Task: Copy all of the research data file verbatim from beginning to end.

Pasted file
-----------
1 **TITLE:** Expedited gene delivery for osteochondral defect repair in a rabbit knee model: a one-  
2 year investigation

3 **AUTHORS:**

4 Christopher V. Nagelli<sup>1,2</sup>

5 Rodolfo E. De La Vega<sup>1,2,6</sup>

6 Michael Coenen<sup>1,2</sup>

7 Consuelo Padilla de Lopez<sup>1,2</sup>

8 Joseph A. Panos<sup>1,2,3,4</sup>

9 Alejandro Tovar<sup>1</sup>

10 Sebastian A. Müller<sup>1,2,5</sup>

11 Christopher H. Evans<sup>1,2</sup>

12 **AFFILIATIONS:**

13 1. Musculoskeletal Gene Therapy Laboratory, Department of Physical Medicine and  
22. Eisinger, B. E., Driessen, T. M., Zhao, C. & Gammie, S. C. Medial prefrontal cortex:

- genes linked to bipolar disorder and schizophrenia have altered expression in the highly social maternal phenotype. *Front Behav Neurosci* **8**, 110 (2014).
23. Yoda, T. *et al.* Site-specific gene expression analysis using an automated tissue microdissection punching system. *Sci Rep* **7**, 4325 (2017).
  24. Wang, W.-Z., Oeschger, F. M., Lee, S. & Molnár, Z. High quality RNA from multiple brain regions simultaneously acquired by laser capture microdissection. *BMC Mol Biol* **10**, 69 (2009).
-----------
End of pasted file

1 **TITLE:** Expedited gene delivery for osteochondral defect repair in a rabbit knee model: a one-  
2 year investigation

3 **AUTHORS:**

4 Christopher V. Nagelli<sup>1,2</sup>

5 Rodolfo E. De La Vega<sup>1,2,6</sup>

6 Michael Coenen<sup>1,2</sup>

7 Consuelo Padilla de Lopez<sup>1,2</sup>

8 Joseph A. Panos<sup>1,2,3,4</sup>

9 Alejandro Tovar<sup>1</sup>

10 Sebastian A. Müller<sup>1,2,5</sup>

11 Christopher H. Evans<sup>1,2</sup>

12 **AFFILIATIONS:**

13 1. Musculoskeletal Gene Therapy Laboratory, Department of Physical Medicine and  
22. Eisinger, B. E., Driessen, T. M., Zhao, C. & Gammie, S. C. Medial prefrontal cortex:

- genes linked to bipolar disorder and schizophrenia have altered expression in the highly social maternal phenotype. *Front Behav Neurosci* **8**, 110 (2014).
23. Yoda, T. *et al.* Site-specific gene expression analysis using an automated tissue microdissection punching system. *Sci Rep* **7**, 4325 (2017).
  24. Wang, W.-Z., Oeschger, F. M., Lee, S. & Molnár, Z. High quality RNA from multiple brain regions simultaneously acquired by laser capture microdissection. *BMC Mol Biol* **10**, 69 (2009).